Never mind that the Center for Retirement Research at Boston College analyzed Federal Reserve data and showed that just 12% of American workers have any sort of retirement account, or that the most recent analysis that Vanguard Group released about its own customers showed that only 15% of the retirement accounts at the world’s largest financial company have at least $250,000 or even that this year’s market action pushed average retirement savings below $90,000 at the same time consumers were raising their expectations of what they need.

Those numbers just show how hard it may be for a lot of Americans to retire.

The news is in a recently released research showing that the 4% rule may be wildly off base.

A study titled “The Safe Withdrawal Rate: Evidence from a Broad Sample of Developed Markets” — conducted by finance professors and researchers at the University of Arizona and the University of Missouri — updated Bengen’s study, with a few key changes, and came to very different conclusions on calculating a safe withdrawal rate.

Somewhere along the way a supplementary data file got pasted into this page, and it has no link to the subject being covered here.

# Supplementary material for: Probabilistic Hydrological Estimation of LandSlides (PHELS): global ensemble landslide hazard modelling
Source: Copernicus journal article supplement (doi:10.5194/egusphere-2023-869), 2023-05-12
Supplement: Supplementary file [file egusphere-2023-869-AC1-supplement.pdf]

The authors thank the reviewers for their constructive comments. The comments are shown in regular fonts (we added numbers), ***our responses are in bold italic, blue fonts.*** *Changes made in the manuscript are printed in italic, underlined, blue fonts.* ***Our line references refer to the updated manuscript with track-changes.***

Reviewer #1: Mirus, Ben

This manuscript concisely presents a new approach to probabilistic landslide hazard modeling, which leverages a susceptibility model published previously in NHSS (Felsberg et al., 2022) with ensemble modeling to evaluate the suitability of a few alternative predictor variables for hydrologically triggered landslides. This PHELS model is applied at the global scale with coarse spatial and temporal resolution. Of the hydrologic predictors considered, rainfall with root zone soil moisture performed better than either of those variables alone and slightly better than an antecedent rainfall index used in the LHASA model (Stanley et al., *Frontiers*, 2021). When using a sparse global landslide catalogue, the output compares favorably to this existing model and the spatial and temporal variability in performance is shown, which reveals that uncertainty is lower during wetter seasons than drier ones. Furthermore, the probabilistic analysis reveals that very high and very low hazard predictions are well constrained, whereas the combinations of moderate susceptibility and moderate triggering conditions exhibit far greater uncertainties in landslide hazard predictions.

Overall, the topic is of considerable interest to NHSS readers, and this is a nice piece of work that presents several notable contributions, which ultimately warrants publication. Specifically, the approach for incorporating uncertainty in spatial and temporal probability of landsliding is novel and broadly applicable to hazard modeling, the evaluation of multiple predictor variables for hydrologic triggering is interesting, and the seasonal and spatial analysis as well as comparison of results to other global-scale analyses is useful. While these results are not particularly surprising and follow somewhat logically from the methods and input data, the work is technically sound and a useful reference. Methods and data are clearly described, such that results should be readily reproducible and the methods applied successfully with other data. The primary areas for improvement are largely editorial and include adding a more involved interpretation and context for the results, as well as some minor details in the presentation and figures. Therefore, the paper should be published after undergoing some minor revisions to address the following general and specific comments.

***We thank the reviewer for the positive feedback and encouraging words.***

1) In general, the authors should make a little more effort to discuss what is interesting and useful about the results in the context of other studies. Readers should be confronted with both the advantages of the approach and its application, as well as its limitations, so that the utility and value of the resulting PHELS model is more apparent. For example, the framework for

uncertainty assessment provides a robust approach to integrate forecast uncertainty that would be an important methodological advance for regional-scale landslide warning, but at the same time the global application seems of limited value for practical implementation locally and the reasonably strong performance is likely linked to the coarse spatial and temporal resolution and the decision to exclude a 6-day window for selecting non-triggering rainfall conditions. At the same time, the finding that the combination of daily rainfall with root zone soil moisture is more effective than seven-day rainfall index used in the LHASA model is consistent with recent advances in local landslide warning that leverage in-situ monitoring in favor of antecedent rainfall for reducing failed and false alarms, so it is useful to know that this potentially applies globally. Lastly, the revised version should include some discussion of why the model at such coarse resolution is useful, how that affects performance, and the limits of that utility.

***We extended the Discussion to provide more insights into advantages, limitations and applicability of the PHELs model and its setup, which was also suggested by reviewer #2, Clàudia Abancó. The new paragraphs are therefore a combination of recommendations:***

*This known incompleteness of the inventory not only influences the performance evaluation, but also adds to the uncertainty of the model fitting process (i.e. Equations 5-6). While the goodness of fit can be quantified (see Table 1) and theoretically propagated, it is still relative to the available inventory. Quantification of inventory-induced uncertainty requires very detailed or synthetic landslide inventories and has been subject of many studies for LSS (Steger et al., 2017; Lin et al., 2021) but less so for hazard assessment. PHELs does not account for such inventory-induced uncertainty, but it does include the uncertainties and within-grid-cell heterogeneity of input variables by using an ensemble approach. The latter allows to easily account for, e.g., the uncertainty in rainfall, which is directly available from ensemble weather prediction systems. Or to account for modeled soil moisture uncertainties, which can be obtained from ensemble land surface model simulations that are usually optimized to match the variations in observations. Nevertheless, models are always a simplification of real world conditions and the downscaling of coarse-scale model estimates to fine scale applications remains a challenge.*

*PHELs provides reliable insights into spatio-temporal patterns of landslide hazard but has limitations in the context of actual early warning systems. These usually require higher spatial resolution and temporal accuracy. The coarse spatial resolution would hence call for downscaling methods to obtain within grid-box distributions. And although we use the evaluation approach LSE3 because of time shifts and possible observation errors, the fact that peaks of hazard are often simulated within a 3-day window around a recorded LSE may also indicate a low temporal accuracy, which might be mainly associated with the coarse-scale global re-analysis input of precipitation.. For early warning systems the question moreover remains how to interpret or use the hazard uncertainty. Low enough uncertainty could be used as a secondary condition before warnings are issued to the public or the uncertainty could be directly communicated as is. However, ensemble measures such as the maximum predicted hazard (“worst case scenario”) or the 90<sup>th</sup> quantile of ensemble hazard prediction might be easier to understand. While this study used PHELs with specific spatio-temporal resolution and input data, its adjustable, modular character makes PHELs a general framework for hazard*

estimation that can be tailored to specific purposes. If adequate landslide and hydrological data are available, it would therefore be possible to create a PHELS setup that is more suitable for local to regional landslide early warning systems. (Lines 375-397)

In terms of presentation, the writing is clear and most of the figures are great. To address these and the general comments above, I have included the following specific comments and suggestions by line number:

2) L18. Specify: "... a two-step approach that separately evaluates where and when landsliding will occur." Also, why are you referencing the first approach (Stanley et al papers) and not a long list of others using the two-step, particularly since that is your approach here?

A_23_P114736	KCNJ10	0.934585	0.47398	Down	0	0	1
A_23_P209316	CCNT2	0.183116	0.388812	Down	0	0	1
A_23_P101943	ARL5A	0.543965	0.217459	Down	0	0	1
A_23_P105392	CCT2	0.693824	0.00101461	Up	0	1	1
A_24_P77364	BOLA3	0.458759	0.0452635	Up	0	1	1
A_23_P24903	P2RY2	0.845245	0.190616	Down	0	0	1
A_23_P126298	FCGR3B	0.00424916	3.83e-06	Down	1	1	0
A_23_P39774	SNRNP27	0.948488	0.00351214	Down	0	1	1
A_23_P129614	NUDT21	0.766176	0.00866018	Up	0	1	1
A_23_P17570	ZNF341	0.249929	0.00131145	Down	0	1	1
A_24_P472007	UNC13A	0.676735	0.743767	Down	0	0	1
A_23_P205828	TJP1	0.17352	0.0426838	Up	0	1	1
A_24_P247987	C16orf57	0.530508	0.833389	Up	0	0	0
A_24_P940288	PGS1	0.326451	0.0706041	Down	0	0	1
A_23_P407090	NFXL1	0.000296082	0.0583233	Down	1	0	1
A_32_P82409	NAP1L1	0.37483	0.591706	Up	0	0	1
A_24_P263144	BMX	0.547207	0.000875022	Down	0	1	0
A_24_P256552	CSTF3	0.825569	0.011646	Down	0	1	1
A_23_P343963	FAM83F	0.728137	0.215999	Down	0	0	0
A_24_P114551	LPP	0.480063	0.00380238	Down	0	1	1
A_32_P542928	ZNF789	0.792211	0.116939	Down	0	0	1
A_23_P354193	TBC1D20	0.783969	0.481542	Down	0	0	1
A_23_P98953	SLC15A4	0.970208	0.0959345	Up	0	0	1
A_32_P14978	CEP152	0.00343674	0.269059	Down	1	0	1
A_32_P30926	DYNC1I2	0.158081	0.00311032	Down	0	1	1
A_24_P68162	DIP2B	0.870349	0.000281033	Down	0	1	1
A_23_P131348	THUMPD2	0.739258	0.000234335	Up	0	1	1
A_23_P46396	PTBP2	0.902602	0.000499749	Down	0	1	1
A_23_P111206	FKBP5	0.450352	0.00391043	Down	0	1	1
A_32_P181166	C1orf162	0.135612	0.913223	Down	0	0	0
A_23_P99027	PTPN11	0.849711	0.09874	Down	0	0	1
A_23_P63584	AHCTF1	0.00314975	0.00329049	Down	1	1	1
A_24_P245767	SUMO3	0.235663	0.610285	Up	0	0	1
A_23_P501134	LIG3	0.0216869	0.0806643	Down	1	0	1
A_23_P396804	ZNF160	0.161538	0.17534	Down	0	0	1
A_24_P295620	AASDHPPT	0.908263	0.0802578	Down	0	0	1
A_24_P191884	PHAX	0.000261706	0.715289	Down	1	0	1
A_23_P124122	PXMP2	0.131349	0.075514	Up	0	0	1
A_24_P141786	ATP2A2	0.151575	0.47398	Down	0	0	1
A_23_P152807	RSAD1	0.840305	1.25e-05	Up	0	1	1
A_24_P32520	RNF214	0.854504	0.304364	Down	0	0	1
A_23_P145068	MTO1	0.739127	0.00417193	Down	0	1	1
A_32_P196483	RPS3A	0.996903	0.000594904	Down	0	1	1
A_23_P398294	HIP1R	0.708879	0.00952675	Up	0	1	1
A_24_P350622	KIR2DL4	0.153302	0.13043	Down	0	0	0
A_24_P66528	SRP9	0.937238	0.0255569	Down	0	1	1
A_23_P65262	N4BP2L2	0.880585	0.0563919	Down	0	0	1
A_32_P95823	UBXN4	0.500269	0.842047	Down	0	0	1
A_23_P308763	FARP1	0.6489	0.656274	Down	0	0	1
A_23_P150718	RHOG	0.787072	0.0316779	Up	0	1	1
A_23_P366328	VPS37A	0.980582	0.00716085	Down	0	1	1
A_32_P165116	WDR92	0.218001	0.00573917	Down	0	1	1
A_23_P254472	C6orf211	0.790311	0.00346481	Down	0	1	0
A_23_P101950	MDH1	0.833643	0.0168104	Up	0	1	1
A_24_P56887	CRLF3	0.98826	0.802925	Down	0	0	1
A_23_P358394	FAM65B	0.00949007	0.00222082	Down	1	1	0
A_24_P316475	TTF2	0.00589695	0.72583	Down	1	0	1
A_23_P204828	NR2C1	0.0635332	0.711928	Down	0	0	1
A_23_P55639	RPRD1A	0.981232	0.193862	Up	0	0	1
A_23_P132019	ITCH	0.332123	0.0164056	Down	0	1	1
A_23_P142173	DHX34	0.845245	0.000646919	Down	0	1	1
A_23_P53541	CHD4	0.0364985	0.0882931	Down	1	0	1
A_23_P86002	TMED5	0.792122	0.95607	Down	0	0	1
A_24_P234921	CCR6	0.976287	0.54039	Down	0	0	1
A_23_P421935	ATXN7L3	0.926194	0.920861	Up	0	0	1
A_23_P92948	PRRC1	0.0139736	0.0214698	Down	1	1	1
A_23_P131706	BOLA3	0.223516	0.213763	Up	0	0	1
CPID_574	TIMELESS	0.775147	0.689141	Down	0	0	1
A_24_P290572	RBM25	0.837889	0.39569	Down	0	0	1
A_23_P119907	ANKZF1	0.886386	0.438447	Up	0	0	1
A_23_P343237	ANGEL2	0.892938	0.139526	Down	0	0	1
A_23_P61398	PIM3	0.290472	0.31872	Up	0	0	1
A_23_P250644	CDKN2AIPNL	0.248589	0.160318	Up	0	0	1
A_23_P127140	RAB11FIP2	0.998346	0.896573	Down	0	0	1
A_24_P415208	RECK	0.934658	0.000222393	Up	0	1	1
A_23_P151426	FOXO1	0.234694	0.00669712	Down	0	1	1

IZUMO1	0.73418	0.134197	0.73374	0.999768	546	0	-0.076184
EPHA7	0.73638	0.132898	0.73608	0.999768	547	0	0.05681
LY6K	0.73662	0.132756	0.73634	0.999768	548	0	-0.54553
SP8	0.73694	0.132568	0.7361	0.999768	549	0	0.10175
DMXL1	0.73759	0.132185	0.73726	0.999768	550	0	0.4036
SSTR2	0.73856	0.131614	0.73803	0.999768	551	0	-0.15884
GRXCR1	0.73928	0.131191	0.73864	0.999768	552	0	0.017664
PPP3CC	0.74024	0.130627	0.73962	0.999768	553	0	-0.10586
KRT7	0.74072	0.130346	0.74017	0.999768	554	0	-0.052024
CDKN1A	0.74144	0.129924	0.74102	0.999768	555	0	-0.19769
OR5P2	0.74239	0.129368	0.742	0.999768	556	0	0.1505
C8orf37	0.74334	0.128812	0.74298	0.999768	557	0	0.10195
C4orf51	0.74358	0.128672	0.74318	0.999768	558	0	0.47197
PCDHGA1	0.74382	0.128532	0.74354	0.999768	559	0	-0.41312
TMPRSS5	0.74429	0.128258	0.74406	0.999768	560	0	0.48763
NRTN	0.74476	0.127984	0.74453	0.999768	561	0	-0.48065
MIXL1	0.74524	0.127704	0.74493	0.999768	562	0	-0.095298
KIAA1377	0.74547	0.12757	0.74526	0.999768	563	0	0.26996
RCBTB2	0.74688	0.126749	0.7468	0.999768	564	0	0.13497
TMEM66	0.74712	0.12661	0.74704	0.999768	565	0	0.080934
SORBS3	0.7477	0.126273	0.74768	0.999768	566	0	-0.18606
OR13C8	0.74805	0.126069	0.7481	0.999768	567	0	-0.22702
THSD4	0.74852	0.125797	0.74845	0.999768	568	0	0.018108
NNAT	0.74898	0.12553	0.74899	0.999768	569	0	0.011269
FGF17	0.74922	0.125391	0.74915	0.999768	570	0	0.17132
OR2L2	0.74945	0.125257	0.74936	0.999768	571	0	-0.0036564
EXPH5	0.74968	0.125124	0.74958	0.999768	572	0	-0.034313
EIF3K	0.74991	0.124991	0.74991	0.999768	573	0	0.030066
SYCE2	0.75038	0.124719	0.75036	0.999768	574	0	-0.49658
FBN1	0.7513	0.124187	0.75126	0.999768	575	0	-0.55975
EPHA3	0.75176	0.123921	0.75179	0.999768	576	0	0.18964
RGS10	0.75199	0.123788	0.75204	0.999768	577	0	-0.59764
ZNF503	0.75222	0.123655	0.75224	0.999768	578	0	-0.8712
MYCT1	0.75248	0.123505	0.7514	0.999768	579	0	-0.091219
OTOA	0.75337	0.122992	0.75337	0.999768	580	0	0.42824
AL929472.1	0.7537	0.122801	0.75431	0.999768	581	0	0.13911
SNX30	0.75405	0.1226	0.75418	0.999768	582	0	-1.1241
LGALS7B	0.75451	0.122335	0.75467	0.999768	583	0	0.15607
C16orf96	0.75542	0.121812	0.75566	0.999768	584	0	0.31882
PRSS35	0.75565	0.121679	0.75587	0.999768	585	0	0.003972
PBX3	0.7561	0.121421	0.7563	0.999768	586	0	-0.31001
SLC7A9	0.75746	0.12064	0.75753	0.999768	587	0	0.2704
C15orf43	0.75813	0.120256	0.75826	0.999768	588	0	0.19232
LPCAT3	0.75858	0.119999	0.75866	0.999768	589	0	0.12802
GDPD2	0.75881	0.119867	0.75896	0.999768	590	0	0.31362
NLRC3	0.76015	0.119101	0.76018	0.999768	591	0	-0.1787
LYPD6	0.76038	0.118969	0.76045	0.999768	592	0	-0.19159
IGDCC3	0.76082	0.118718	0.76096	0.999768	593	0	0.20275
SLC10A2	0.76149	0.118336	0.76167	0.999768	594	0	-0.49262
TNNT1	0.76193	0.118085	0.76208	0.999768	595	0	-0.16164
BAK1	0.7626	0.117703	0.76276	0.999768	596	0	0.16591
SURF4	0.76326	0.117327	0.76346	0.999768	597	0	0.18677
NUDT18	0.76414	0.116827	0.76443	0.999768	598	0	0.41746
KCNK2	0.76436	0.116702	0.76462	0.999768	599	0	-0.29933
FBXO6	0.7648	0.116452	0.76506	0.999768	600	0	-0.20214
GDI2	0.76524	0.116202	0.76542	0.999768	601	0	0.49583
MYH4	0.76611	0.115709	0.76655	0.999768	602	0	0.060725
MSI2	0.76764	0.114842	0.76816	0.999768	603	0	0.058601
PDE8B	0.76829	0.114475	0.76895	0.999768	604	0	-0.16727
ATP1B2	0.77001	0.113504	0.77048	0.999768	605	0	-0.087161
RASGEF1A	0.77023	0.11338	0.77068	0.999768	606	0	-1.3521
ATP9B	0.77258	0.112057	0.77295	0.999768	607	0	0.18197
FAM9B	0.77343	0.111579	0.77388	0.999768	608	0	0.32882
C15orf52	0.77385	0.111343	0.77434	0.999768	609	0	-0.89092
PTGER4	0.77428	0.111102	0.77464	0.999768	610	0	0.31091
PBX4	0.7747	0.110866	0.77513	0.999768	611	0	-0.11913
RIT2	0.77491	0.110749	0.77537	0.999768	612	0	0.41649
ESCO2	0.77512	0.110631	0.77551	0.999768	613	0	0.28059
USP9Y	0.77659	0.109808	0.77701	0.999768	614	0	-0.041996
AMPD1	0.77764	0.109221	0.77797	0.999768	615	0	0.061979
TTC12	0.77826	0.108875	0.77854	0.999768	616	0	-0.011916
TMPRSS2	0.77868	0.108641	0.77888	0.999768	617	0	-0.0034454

The authors didn’t divine one recommended number, but instead said that the spending rule you choose is dependent on how much risk of outliving your money you are willing to accept.

Improvements in life expectancy — requiring money to last longer — and the inclusion of returns from 38 developed countries between 1890 and 2019, meant that the researchers covered nearly 2,500 total years of stock, bond, and inflation data.

While the United States has outperformed virtually all developed markets over the last century, there’s no guarantee that lasts forever; the market experience of all markets could be important if the U.S. suffers from any protracted regression to the mean.